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Foreign Minister Ampuero announces Chile's position on the Global Compact for Migration

Wednesday, December 19, 2018

The following is a statement by the Minister for Foreign Affairs, Roberto Ampuero, on the official position adopted by Chile in relation to the Pact on Migration voted by the United Nations.

Chile's migration policy is based on the following principles:

  1. The protection of and respect for the universal human rights of all migrants, regular or irregular, at all times, in all places and under all circumstances.
  2. The right of all individuals to leave their country of origin and move freely within the territory of a State in which they are legally present.
  3. The sovereign right of the State to determine who and under what regimes may enter its territory, as a matter regulated by domestic law in conformity with the State's international obligations.

Under these principles, we seek immigration that is safe, orderly and regular. This means exercising an open-door policy to receive those migrants who come to initiate a new and better life, with the intention of respecting our laws, those who come to join our society and contribute to the development of our country. But, at the same time, it means exercising a closed-door policy to stop irregular entry and prevent the entry of those who come to harm us, such as criminals, drug traffickers, organized crime and human trafficking groups.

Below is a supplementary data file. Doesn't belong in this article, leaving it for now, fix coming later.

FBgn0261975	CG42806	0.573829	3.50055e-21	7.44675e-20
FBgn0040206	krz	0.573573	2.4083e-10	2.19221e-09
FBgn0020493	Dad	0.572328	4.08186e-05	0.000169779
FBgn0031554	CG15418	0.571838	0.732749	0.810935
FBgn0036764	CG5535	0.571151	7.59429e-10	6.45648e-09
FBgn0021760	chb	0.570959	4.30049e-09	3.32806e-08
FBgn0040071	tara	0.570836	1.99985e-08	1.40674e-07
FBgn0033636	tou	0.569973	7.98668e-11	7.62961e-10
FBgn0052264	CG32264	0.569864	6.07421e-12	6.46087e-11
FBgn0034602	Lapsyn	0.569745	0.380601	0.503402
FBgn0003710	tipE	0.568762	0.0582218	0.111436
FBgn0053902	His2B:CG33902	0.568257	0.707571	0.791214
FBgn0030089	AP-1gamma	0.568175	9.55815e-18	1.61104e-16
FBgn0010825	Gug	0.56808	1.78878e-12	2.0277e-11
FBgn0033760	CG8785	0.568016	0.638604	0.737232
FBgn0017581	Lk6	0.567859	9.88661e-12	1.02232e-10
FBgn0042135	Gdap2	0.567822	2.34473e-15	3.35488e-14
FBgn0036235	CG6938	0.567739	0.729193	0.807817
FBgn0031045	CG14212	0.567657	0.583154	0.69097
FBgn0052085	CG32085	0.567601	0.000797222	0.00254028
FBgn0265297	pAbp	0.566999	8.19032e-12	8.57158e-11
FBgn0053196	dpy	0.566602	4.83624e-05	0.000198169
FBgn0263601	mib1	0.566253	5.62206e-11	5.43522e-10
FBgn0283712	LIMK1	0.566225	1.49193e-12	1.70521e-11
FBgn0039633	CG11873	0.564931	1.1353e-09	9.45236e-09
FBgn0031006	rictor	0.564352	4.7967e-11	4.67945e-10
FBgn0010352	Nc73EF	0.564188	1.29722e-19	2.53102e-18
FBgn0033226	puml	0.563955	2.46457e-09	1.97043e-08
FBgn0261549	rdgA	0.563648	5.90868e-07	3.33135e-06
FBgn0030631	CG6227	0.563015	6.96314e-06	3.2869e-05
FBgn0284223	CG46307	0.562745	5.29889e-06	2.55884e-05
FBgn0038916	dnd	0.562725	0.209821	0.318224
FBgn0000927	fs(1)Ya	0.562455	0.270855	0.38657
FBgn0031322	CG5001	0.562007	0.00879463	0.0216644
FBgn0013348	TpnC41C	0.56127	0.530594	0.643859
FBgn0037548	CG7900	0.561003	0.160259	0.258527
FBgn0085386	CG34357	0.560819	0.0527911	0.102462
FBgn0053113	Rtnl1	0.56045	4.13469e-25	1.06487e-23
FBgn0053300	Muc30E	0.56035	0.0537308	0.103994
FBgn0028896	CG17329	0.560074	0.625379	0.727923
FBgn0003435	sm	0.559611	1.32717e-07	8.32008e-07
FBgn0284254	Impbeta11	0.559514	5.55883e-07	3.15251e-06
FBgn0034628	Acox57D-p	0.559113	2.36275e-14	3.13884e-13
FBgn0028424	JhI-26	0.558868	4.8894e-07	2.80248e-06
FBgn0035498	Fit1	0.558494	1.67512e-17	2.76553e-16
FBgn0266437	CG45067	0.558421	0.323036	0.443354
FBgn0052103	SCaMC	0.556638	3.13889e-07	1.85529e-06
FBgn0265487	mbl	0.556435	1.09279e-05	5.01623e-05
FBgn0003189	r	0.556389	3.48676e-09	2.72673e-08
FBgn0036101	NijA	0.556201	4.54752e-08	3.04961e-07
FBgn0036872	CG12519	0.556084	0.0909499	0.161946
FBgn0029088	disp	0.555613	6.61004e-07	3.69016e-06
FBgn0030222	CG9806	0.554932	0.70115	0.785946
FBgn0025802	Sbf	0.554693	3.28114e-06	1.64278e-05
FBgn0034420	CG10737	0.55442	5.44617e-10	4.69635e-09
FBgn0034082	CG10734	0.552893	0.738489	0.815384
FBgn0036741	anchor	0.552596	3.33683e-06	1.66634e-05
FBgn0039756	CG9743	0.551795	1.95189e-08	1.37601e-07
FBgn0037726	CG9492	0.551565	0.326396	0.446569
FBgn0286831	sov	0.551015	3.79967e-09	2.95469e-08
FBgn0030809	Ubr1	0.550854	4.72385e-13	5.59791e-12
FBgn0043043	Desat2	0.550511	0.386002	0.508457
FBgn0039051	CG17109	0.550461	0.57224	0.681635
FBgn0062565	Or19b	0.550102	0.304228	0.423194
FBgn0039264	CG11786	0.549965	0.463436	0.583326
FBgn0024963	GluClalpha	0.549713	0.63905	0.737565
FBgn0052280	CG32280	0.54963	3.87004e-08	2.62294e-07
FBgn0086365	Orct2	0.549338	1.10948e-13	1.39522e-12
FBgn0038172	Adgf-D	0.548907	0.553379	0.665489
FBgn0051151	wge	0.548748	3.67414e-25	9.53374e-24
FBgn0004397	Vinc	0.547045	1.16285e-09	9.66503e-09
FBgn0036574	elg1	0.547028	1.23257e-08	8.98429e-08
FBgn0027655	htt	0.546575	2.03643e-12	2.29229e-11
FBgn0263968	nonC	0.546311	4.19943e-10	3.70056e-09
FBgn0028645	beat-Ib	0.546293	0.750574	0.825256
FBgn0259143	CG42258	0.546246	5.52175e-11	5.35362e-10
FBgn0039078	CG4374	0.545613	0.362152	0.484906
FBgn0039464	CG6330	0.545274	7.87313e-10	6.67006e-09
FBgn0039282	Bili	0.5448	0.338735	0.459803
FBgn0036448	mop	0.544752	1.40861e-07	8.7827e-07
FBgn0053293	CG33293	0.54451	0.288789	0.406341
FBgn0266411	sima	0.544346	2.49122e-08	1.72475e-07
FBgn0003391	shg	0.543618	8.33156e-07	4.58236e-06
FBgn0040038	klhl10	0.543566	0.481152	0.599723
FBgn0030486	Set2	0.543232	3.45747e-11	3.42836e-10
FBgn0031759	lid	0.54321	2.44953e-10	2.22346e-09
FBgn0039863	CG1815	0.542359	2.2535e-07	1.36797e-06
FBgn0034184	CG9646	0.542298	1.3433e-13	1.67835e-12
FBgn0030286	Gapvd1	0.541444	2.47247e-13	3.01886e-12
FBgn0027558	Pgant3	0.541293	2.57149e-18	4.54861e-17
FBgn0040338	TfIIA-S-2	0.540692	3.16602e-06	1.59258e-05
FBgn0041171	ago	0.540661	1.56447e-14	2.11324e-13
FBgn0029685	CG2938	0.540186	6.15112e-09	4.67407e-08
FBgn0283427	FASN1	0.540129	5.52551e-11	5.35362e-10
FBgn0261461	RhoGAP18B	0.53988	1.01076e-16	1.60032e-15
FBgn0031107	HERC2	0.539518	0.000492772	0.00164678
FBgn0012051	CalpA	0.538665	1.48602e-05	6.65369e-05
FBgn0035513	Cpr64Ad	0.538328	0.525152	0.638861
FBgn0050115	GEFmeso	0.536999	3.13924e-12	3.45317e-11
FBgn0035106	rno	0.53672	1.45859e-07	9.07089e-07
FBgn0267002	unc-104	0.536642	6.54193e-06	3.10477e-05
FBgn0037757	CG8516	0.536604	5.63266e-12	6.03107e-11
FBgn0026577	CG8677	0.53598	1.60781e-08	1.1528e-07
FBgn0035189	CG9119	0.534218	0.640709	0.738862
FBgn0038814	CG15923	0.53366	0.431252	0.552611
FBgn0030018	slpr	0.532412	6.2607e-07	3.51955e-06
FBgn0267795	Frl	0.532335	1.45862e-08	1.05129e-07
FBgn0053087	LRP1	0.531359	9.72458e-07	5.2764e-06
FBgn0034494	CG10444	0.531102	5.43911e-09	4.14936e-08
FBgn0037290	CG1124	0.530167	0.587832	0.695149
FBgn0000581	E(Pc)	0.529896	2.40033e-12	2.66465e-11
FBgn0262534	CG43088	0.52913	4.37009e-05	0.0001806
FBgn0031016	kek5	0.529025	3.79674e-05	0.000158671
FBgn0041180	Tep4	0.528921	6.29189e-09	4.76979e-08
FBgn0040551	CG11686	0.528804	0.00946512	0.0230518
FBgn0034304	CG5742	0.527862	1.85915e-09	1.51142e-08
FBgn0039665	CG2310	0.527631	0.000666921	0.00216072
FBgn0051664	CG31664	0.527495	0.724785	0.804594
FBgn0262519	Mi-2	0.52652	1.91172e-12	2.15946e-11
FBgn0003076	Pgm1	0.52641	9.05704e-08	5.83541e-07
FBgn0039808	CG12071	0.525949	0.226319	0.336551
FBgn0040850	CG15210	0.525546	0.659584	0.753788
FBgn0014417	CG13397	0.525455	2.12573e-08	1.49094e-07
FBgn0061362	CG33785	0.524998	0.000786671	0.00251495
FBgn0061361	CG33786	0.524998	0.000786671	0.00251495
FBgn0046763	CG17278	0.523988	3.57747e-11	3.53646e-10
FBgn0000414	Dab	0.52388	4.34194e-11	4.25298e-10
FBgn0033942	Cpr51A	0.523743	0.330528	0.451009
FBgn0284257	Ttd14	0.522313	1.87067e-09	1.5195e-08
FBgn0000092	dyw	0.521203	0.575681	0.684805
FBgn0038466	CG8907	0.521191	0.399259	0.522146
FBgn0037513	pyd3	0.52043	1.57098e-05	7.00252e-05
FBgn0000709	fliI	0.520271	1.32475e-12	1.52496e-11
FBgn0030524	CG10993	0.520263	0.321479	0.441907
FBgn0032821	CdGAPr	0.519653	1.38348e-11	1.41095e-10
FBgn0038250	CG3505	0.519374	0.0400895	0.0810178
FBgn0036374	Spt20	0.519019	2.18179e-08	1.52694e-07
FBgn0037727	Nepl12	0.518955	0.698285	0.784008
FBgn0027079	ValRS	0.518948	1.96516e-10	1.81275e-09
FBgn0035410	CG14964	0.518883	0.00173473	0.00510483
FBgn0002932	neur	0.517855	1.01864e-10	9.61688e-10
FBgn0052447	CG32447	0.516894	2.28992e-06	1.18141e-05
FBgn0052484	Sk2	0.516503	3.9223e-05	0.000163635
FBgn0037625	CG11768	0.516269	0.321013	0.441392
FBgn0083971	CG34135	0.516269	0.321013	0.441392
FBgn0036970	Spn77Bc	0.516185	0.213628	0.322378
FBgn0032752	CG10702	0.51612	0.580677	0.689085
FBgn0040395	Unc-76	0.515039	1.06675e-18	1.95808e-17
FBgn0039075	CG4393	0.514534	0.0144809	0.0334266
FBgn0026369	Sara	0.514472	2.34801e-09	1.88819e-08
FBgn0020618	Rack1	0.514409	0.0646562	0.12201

In light of the foregoing, we consider that some aspects of the Migration Pact are not fully consistent with our migration policy and the principles that inspire it. For example:

  1. The Pact encourages irregular migration, as it does not clearly distinguish between regular and irregular immigrants with regard to family reunification and the granting of social benefits. It also promotes the entry of vulnerable immigrants who have not sought asylum or been recognized as refugees.
  2. The Compact introduces new requirements for the return of migrants. This means for the country of destination - even after expulsion - to create conditions for the economic and social integration of returned migrants.
  3. The Convention affects the sovereign right of every State to decide how to guard its borders, and especially the conditions of entry into its territory. The way in which Chile regulates its migration policy is essentially an internal matter, without prejudice to multilateral cooperation and compliance with our international obligations.

Chile is a country that deeply believes in the importance of multilateralism and is committed to dialogue and international cooperation, especially in the area of migration.

However, in this specific case, we have decided to abstain from voting in favour of the Migration Pact, as it does not fully safeguard the legitimate interests of our country and makes it difficult to protect our borders.